It’s long been said that the Star Trek movies work on an unwritten rule that the odd numbered ones wind up being disappointments and the even numbered ones wind up being the ones that are worth watching. If you go down the lineup and check the work on that theory, it seems to hold up. Star Trek: The Motion Picture was widely considered to be a misfire, Star Trek II: The Wrath of Khan was considered to be the rebound that got things right, and then things keep sticking to that pattern all the way up to the tenth movie, Star Trek: Nemesis, which is said to have ended the streak of even numbered movies being good and is essentially the reason the franchise had to go through a reboot.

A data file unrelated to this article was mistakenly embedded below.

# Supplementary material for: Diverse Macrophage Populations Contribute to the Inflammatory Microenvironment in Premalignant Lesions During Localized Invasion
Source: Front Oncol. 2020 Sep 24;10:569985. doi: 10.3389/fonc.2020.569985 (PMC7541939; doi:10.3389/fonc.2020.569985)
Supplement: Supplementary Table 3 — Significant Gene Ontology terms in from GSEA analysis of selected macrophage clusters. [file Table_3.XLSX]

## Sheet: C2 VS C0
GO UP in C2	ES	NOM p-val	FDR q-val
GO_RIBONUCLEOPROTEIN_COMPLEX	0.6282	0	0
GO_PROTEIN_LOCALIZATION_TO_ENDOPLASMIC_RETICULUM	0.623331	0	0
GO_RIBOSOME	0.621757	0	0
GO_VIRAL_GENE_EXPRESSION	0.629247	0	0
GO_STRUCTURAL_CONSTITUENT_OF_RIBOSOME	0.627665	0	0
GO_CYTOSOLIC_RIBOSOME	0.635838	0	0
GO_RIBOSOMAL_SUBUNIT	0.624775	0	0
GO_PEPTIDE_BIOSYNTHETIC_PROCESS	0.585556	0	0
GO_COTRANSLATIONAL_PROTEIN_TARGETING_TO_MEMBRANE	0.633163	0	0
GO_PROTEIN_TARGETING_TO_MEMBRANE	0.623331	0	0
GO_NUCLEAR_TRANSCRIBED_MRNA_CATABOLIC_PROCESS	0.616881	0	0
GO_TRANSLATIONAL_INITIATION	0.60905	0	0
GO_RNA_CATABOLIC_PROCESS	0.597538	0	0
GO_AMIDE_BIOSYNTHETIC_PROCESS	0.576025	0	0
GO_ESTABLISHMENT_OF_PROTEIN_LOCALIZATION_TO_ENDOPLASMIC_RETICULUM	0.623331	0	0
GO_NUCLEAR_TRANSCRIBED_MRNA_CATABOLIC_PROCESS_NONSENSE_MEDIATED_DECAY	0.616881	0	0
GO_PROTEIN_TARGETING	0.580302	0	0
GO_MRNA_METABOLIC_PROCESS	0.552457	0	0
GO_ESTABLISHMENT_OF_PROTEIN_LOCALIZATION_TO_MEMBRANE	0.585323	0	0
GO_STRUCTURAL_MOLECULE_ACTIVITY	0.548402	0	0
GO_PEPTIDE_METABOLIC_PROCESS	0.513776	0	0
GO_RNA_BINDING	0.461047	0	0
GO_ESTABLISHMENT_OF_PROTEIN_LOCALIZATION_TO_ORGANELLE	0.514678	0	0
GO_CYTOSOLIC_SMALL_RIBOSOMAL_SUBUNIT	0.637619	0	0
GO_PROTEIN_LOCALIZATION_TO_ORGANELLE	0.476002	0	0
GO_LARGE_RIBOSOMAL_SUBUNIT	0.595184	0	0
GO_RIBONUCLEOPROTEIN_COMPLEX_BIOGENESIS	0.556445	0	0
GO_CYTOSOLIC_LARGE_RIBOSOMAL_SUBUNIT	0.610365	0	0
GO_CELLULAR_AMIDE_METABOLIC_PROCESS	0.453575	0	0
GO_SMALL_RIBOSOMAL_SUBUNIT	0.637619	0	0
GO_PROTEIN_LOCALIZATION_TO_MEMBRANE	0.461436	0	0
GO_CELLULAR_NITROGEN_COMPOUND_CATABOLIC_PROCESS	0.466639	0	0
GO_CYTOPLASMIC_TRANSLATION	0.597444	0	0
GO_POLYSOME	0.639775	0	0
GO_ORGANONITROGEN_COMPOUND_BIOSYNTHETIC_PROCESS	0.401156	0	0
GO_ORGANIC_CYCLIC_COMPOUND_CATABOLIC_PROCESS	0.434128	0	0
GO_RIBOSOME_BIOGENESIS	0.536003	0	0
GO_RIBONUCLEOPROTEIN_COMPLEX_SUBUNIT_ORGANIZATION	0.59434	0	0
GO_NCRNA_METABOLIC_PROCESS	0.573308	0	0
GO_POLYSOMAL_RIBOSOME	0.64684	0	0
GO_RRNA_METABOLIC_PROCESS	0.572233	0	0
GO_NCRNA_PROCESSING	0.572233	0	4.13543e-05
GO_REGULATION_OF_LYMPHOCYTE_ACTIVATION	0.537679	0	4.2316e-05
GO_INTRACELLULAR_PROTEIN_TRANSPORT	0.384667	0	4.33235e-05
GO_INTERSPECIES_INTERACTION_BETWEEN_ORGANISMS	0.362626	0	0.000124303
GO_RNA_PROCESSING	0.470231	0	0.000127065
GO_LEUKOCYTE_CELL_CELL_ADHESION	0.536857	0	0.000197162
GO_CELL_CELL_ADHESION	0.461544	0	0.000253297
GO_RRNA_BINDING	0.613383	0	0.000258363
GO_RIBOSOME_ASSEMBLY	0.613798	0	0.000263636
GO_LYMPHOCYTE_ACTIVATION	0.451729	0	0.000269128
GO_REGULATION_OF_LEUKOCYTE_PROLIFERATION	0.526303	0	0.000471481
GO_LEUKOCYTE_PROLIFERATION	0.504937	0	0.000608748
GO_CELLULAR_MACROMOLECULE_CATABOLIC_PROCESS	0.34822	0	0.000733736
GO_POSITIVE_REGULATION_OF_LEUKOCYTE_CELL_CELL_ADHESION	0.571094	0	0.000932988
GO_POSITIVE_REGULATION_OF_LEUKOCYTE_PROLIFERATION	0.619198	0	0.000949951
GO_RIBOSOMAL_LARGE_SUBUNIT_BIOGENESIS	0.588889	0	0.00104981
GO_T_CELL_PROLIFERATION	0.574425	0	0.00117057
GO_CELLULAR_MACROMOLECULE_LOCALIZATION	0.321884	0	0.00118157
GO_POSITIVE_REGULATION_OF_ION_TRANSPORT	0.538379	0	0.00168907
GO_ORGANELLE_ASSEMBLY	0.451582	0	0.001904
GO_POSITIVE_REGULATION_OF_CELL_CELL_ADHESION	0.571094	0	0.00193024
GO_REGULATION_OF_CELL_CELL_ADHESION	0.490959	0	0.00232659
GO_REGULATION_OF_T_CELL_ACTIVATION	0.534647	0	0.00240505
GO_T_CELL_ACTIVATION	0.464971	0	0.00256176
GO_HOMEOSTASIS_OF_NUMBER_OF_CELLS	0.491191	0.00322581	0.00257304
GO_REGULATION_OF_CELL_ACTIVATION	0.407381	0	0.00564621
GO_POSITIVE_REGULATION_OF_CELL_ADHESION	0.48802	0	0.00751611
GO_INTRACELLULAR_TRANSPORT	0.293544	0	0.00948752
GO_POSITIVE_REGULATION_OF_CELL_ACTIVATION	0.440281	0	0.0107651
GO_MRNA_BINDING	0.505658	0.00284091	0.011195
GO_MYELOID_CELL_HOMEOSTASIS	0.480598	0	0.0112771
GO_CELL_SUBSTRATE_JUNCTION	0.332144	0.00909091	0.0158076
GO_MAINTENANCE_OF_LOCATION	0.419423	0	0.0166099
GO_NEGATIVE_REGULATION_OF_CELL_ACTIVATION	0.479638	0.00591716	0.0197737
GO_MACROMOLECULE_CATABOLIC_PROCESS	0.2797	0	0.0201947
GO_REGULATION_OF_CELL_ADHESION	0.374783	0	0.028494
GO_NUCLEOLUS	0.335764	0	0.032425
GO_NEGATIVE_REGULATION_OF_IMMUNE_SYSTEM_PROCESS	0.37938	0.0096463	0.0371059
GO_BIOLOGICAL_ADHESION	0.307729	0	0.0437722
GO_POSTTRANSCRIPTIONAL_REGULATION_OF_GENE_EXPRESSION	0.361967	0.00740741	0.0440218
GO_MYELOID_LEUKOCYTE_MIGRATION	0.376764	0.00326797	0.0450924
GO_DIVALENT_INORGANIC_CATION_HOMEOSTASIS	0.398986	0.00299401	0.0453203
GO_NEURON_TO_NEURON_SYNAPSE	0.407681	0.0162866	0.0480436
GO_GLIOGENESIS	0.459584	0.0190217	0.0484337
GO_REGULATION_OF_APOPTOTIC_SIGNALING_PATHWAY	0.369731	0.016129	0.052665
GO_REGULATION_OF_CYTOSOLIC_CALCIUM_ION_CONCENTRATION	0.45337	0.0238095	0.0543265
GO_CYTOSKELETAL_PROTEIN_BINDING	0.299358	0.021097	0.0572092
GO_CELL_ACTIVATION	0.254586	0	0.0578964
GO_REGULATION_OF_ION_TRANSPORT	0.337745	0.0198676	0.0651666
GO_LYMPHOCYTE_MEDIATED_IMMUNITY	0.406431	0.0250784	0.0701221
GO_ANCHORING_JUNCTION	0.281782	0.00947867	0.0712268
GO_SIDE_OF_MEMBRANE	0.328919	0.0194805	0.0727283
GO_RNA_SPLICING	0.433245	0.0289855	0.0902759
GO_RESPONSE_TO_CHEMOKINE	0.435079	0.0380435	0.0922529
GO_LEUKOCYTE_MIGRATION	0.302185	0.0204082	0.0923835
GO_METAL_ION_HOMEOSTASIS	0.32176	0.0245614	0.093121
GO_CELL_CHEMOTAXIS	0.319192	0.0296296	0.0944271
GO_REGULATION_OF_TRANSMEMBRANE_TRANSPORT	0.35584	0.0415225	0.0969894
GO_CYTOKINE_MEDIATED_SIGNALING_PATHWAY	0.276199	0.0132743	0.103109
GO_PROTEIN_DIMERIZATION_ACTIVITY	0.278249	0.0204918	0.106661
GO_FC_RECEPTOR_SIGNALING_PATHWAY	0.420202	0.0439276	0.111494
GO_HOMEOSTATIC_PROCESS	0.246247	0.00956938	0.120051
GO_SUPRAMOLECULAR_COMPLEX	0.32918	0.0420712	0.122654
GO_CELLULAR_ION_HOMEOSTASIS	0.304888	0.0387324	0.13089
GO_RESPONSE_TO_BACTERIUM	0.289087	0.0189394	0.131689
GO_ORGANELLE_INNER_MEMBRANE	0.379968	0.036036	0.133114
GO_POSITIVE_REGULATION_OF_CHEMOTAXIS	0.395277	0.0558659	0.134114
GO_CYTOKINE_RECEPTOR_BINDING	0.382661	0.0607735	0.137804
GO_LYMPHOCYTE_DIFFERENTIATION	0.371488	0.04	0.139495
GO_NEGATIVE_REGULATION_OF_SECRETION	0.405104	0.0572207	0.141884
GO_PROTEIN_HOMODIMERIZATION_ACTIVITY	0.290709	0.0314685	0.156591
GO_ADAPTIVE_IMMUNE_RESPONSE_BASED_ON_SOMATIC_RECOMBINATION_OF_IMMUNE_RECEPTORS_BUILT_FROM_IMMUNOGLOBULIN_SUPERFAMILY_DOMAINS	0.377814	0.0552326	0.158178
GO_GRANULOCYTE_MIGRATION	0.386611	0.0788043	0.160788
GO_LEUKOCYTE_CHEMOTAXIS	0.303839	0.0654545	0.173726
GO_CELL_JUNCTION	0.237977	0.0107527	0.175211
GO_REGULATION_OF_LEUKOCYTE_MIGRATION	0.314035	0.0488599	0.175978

Of course, if you’ve read this column before, you can probably predict that I don’t agree with this assessment. The Wrath of Khan is widely considered to be the best of the Star Trek movies, but to my non-fan eyes it plays as a set-bound bore full of paunchy, over the hill actors who were well past needing to be put out to pasture. Maybe you need an emotional investment in the franchise to really get its appeal. Nemesis, on the other hand, starts really horribly with a cringe-worthy wedding scene full of clunky banter and fake laughter, but as it goes on it develops into becoming an entertaining enough big, dumb action movie. It’s the perfect thing for the casual viewer, and not worthy of being remembered as a franchise-crippling failure.
What do they have in common?